The BBC recently launched a video-on-demand service called “iPlayer”. To ensure that copyright violators have to invest more time in copying each video, and to make it awkward for everyone else to view content that they're allowed to view*, the BBC decided to encapsulate their content in DRM—officially “digital rights management”, equally accurately “digital restrictions management”.
They chose Microsoft to provide the DRM, ostensibly a good choice, since Microsoft have proven themselves adept at bundling obtrusive unwanted software along with software the customer actually wants—it was for this reason that they were convicted of operating a monopoly in the EU.
Unfortunately, Microsoft's DRM system only works on Microsoft's operating system, Windows; and even then, only on the five-year-old version, XP, which has since been superceded by Vista. Oddly, having better DRM capabilities is one of Vista's selling points. And it's odd that the British Broadcasting Corporation would choose to anoint Windows XP as its favourite operating system, since there isn't even a version of it that uses British English. (There is a Welsh version, because too many Welsh speakers started using Free Software.)
The BBC Trust maintains that it's a good idea to ask a convicted software monopoly to produce software whose purpose is to restrict users' capabilities, and that only runs when using the monopoly's operating system software.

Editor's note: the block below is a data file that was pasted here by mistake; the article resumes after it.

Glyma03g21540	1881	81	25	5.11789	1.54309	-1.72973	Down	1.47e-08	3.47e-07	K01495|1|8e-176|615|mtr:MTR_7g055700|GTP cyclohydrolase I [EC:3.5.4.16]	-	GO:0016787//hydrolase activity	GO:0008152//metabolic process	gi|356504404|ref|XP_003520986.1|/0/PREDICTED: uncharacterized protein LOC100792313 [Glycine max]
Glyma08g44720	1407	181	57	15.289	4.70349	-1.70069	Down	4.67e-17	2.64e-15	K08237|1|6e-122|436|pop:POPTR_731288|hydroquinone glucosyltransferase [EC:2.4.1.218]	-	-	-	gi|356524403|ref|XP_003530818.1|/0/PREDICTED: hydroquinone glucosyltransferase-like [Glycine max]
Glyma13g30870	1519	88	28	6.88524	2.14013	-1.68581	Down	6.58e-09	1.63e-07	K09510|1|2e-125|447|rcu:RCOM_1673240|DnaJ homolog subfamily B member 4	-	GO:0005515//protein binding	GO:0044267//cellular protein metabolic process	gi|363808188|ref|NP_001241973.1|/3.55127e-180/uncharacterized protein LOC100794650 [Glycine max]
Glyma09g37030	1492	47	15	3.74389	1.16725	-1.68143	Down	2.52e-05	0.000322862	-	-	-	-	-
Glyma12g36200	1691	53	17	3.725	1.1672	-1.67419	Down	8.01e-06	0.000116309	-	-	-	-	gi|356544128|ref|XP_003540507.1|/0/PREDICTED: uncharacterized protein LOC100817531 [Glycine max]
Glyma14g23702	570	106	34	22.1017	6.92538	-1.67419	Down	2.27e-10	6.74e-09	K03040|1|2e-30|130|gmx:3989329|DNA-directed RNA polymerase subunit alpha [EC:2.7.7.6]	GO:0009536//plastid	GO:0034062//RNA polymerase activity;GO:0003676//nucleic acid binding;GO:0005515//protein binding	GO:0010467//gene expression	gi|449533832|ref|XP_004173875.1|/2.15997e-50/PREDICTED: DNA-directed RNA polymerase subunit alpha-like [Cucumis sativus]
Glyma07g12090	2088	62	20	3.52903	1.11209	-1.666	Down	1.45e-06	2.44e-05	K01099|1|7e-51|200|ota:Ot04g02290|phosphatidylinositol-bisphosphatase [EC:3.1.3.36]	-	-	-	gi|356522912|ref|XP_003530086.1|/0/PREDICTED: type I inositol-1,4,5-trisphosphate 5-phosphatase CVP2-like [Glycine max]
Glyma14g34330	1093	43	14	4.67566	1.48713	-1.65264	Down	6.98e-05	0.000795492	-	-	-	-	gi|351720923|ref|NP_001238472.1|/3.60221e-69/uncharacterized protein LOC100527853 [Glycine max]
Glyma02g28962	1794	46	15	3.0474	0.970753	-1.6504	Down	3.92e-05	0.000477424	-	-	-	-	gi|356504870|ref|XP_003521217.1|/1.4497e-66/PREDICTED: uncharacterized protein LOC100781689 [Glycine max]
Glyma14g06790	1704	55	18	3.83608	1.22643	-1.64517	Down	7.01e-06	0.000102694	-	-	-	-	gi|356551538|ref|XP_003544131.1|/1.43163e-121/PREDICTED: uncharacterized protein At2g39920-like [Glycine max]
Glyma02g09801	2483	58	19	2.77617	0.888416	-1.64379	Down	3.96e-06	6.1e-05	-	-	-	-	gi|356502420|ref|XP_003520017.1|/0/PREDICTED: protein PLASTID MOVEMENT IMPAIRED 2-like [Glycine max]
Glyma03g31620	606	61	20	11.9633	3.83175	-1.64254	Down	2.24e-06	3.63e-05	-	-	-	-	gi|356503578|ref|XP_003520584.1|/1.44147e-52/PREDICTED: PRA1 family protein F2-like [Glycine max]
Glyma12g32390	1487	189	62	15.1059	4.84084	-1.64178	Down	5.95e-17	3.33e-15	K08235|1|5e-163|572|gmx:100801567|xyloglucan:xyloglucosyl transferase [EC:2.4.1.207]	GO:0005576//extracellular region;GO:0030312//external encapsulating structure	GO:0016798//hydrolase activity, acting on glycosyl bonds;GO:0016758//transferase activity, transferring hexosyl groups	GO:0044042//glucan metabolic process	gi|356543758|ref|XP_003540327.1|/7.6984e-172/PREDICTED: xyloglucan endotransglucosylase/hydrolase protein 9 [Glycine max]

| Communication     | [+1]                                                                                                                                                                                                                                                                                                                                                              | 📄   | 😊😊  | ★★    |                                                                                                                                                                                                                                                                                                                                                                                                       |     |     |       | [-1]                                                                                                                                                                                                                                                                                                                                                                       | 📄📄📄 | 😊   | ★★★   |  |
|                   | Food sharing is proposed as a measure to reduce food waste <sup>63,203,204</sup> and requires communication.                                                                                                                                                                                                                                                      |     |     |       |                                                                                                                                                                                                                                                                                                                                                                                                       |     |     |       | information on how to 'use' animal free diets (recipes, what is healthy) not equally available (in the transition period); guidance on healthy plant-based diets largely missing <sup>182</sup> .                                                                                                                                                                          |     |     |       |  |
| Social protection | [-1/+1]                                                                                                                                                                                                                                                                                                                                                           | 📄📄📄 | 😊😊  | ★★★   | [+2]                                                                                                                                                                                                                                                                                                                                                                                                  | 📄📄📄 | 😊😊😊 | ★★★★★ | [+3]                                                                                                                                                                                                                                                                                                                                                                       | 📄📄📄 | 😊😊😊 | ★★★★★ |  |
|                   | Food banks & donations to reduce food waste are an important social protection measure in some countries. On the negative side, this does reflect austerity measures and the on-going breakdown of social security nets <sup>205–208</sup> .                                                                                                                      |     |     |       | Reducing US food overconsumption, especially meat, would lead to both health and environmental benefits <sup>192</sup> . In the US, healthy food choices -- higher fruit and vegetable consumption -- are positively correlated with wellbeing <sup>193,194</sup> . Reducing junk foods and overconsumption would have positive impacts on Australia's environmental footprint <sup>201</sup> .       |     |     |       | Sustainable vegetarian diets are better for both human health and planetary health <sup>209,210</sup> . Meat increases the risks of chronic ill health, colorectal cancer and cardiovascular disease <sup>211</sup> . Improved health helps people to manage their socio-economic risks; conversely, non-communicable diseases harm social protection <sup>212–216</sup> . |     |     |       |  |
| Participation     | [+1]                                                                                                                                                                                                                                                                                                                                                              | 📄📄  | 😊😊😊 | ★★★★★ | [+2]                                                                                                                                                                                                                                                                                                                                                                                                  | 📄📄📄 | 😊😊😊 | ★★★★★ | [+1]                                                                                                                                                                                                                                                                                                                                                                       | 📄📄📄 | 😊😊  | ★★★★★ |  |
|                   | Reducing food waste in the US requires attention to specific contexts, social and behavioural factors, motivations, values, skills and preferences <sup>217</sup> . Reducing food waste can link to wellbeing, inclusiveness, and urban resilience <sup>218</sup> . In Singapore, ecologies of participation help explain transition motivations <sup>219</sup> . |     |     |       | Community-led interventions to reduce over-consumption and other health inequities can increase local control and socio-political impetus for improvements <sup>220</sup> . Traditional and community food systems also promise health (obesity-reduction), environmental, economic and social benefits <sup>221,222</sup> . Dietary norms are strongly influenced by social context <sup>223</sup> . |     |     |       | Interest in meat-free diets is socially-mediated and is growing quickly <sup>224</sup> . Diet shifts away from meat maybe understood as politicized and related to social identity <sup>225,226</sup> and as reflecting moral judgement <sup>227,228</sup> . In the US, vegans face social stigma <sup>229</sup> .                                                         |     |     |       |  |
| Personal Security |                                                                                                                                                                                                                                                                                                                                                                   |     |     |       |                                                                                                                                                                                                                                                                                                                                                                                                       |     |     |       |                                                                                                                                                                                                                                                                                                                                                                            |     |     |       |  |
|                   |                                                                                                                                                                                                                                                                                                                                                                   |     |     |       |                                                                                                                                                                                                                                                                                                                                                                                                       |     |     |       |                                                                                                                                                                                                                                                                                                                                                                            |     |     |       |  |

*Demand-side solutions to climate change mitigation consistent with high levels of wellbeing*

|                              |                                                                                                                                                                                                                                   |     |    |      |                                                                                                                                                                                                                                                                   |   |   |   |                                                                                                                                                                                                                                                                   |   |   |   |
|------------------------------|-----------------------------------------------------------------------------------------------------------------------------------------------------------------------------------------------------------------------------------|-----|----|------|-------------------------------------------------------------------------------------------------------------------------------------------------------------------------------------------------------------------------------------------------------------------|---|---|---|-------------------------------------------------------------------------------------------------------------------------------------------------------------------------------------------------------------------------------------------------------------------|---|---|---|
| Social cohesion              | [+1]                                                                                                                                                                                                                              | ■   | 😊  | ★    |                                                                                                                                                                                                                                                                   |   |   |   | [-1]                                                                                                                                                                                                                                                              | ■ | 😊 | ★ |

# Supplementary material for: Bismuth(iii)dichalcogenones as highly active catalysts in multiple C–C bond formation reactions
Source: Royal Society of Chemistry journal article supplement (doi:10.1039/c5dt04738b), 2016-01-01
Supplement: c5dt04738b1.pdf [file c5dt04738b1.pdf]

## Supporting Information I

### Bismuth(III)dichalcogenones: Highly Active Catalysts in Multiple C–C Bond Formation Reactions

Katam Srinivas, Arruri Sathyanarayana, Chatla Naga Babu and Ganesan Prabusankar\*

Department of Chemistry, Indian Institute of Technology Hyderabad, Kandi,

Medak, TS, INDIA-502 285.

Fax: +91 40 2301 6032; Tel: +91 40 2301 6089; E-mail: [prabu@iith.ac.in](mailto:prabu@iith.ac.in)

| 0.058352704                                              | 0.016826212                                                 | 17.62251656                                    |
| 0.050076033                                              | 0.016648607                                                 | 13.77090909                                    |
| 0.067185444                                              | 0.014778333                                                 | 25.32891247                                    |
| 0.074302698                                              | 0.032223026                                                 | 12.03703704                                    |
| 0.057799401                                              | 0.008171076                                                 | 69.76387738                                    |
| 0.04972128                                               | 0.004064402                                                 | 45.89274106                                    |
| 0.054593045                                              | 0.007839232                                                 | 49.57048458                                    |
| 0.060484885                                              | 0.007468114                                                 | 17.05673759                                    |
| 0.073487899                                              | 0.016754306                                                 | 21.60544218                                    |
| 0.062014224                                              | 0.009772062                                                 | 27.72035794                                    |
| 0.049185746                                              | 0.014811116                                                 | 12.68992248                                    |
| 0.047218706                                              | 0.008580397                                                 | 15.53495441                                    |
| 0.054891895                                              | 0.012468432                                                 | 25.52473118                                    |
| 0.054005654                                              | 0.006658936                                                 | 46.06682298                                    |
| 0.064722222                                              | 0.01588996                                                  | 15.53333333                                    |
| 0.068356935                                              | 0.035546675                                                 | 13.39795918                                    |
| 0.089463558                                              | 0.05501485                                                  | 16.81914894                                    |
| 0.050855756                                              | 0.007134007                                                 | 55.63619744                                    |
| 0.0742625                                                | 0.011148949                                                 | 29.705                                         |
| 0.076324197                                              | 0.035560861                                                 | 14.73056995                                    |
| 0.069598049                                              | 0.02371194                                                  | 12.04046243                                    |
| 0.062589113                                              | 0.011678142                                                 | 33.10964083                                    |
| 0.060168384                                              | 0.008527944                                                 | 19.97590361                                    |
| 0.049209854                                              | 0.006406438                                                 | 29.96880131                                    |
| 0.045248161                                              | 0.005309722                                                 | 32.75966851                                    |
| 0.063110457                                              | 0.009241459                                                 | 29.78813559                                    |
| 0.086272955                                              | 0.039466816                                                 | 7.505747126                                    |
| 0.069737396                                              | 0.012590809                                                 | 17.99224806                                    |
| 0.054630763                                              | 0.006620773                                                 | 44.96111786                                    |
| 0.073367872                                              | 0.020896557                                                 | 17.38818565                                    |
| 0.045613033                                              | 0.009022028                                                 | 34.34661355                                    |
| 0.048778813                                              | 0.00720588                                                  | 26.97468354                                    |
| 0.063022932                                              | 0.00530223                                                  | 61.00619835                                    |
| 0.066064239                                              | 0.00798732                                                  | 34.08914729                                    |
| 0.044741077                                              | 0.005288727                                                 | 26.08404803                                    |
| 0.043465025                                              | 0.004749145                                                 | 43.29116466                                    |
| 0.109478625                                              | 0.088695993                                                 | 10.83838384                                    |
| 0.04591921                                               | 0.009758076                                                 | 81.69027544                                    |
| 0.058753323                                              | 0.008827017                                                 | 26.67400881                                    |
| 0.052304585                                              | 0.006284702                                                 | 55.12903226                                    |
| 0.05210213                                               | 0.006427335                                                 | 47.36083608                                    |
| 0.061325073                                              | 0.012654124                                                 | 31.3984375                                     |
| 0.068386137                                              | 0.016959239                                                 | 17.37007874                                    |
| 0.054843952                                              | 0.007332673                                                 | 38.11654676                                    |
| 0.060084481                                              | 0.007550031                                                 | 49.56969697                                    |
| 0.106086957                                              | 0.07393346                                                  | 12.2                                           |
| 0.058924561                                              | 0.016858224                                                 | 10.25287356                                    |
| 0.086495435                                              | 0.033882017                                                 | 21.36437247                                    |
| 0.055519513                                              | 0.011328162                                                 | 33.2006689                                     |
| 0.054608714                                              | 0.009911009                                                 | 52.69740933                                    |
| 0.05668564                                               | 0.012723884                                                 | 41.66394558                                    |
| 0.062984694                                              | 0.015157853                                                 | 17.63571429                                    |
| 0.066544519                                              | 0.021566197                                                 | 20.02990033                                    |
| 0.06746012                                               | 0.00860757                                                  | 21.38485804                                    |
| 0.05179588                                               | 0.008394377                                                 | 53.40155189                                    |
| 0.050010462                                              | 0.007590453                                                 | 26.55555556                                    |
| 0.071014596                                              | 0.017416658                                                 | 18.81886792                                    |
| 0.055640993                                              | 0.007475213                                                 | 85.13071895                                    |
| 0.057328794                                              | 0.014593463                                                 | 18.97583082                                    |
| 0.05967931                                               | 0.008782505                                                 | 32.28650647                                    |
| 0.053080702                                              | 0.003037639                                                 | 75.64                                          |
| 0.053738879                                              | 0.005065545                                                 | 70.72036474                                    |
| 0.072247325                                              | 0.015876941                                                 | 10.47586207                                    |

A petition was sent to the UK government to protest against this decision. They've responded; an excerpt:
The BBC Trust made it a condition […] that the iPlayer is available to users of a range of operating systems, and has given a commitment that it will ensure that the BBC meets this demand as soon as possible. They will measure the BBC's progress on this every six months and publish the findings.
—iplayer - epetition response
Every six months. They're going to review their progress every six months. The government, the BBC Trust and the BBC don't seem to understand the pace at which technology, particularly internet-based technology, moves. The length of time it's taken the BBC to produce the iPlayer since announcing it is evidence of this. Hopefully such a long delay will harm Microsoft Windows Vista as much as it will harm Free Software.
The BBC shouldn't just make the iPlayer available for
a range of operating systems—they should make it open source, so that anyone with the right skills (or who can persuade someone with the right skills to help them) can make an iPlayer for their operating system. Anyone would be able to improve the iPlayer, and we wouldn't be reliant on the BBC to provide fixes for errors. Open-sourcing the iPlayer would instantly satisfy the BBC's commitment.